READ IF YOU ARE AN INDIGENOUS/NATIVE PERSON (and please reblog if you aren't to spread the tag)

Hello, I am an native american tumblr user and I noticed there is no tag besides just ndn and tags of the like for native peoples. I want to make this tag for native peoples for blogging about really anything that relates to native culture like pictures of cultural items, folklore, talking about problems regarding native culture, etc. 

I came up with indeedindigenous as the tag name

This tag includes not just native americans, but all native peoples (i.e inuits, aboriginal peoples around the world in general etc.)

Please boost this indigenous or not

anonymous said:

So, I thought you would be a good person to ask this question. I really think moccasins are beautiful and I'd like to have a pair, but as a non-native would that be disrespectful of me? Anyway, I've been following your blog for a while now and I think it's great! Thanks for being rad, man!

Moccasins, at least for most tribes, are not considered sacred, so there is no real problem with you wearing them. I love moccasins too, but I hardly can ever find a pair in my size. #bigfeetproblems.

On the other hand, there are a few problematic things you should avoid when buying moccasins.

  1. Do not buy your moccasins from  douche bag hipster-vomit-tron companies like Urban Outfitter. Instead, buy from a Native American artist who has put time and effort into making the moccasins. I promise you’ll love them far more than any factory rendition and it puts money into real Native Americans pockets and Lord knows, they need it. You can find Native American artists at local powwows or even on Etsy. It’s just very important that you are putting your money back into the cultures that gives the world these great foot coverings!
  2. Do not call them “Native American moccasins.” There are actually many different styles of moccasins and tribes differ on their moccasins in what they look like .Instead, learn about your moccasins. What tribe do they come from?  What specifically makes them different from other tribes? There’s a lot to learn out there, but if you want to wear our clothing, then you should probably learn why and who created it…just like any fashion designer.
  3. Do not associate moccasins with stereotypes. I once went to a party and this white girl was wearing moccasins. Through a large portion of the party, she would run around in circles and woop and yeeyee like the Indians in old westerns. Early college, I was not socially aware or brave enough to say anything to her (And I think I was rushing a fraternity, so I was worried about looking cool) but don’t be that person. Instead, if you are going to be intimate with Native American arts, stand with Native Americans against their oppressors and educate people. Because it will happen. People will see your mocs and begin to spout racist comments just because of their presence and Native Americans aren’t always there to stand up for themselves.

Besides these three helpful hints, I have nothing else to add. Other people may feel differently, so if anyone has anything to add, then message me. Besides that…Rock out with your mocs out!

Please share this post and become a MEMBER at to effect permanent change for the Lakota children.

The Lakota People’s Law Project and the Lakota tribes of South Dakota have been working on achieving the permanent solution to the corruption of South Dakota’s Department of Social Services by rerouting federal money from the state and getting it directly to the tribes. For this to happen the Lakota tribes will have to overcome many hurdles and organize their own foster care and other family planning programs.

Although we have worked on this struggle for over 8 years, we are finally breaking through and creating the system that will prevent Lakota children from being kidnapped by the state of South Dakota and taken from their communities. 8 of the 9 Lakota tribes have applied for federal funding to assist them in planning for the installation of these programs and the Department of Justice, in conjunction with the ACLU, has just released an amicus brief supporting the Lakota children and condemning the practices of South Dakota. The full brief can be read here:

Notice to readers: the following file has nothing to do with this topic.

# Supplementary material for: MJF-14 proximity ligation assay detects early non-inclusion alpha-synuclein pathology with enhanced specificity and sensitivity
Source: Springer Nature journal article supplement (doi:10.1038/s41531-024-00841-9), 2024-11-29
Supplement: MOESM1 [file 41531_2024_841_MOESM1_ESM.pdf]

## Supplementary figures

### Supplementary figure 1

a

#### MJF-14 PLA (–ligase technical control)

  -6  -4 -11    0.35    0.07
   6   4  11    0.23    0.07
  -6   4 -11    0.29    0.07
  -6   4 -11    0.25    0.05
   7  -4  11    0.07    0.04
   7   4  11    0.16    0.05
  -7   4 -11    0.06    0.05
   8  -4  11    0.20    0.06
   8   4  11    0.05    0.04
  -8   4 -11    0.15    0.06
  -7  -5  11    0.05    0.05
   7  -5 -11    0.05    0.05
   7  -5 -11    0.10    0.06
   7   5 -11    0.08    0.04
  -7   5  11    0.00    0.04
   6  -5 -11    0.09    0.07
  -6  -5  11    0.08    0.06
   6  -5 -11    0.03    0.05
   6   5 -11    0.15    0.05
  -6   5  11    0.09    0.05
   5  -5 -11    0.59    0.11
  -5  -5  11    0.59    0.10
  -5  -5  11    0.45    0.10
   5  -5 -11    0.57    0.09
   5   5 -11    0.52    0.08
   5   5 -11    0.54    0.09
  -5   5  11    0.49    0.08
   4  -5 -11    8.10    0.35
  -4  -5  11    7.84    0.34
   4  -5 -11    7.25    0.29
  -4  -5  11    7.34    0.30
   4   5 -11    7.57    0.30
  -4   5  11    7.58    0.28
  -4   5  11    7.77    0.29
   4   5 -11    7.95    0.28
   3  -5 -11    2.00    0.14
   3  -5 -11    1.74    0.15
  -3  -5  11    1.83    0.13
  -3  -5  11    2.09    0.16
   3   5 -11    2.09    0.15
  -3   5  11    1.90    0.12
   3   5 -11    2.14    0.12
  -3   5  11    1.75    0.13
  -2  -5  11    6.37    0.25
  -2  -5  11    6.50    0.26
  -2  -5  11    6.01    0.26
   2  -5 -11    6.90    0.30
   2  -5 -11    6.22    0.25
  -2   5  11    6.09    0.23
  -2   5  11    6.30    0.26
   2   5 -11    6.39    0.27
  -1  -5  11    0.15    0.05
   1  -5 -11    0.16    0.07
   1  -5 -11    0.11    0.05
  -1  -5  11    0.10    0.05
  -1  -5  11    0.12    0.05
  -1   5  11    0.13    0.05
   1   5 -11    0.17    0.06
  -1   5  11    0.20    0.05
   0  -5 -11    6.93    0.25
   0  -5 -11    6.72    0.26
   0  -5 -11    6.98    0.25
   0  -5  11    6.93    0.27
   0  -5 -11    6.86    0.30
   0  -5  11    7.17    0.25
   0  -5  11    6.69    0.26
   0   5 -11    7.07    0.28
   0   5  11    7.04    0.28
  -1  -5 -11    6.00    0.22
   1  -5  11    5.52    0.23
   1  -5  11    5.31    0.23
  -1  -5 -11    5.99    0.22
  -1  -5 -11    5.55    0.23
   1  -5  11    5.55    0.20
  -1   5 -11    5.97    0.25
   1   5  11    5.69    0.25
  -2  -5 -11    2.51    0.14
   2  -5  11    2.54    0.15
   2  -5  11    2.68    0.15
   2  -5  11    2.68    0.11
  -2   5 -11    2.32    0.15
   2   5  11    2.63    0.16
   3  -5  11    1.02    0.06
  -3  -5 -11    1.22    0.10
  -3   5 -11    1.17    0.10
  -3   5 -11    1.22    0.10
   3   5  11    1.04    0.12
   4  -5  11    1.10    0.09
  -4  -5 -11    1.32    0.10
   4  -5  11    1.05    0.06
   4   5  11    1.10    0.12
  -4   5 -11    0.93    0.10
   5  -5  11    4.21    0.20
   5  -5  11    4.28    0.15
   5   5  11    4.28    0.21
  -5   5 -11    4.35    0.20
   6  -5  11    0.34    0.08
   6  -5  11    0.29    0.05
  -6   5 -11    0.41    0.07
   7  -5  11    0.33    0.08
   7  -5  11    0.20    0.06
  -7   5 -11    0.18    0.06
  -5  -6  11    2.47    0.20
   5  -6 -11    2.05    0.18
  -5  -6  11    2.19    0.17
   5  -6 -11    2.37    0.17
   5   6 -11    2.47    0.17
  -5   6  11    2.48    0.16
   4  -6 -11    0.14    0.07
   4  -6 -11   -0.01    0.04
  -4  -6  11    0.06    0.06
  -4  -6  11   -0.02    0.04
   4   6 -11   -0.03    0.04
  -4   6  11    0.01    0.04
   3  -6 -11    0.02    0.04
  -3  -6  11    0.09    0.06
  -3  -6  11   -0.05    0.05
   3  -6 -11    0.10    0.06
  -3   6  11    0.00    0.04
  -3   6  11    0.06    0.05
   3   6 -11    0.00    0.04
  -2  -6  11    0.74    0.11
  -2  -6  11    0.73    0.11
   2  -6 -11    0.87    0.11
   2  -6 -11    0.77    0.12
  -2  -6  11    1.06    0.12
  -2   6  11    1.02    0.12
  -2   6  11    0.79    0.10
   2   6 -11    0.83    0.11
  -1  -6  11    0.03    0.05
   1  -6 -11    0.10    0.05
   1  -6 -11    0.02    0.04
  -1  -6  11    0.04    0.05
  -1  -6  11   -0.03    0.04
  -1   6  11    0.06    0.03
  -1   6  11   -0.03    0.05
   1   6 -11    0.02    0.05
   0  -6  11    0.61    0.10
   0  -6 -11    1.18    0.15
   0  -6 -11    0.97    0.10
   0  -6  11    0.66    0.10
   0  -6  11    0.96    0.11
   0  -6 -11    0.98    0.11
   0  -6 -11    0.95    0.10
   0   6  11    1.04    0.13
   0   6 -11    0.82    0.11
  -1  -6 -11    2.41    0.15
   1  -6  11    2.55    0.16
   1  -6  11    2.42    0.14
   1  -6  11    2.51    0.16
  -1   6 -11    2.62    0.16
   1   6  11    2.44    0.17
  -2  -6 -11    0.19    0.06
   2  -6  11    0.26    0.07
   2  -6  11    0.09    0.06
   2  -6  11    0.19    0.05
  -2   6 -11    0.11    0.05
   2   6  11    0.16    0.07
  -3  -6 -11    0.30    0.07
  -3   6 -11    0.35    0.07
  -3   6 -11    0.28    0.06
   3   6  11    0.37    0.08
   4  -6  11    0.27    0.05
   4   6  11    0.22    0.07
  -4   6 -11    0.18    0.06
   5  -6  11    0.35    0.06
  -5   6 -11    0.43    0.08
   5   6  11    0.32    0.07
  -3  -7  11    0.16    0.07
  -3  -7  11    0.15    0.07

Please help make this solution a reality by donating to help the Lakota children remain with their families!

The Redskins Nation citizens eagerly signed up, most of them knowing that they might be mocked in their interview with correspondent Jason Jones. But several hours into the Sept. 13 taping of the yet-to-air episode, the fans, all from Virginia, said they were suddenly confronted by a larger group of Native American activists — all of whom were in on the showdown prearranged by “The Daily Show.”

The encounter at a Dupont Circle hotel was so tense that an Alexandria fan said she left in tears and felt so threatened that she later called the police. She has told “The Daily Show” to leave her out of the segment but doesn’t know whether the producers will comply.

“This goes way beyond mocking. Poking fun is one thing, but that’s not what happened,” said Kelli O’Dell, 56, a former teacher who lives in Alexandria and doesn’t watch the show regularly. “It was disingenuous. The Native Americans accused me of things that were so wrong. I felt in danger. I didn’t consent to that. I am going to be defamed.”

If only the Native American activists protesting the racist R**** mascot knew what it was like to be falsely misrepresented and endangered without their consent, and defamed. They’d want to call the police, too.

In her essay "I’m Leaving!" White fragility in Racial Dialogues, Robin J. DiAngelo writes: ”fragility coupled with privilege will result in a response of resistance, indulgence in emotional incapacitation, exiting, or a combination of these.”

And they say people protesting the R**** mascot are the ones who are “too sensitive.”


Who speaks Wukchumni?

This short documentary profiles the last fluent speaker of Wukchumni, a Native American language, and her creation of a comprehensive dictionary. Marie Wilcox spent 7 years creating this dictionary which the Yokuts tribe now uses for weekly basic language classes. 

More than 130 Native American languages are endangered in the United States. For some, only a handful of fluent speakers remain. Marie’s dictionary is a tremendous victory against the countless languages eradicated from our history.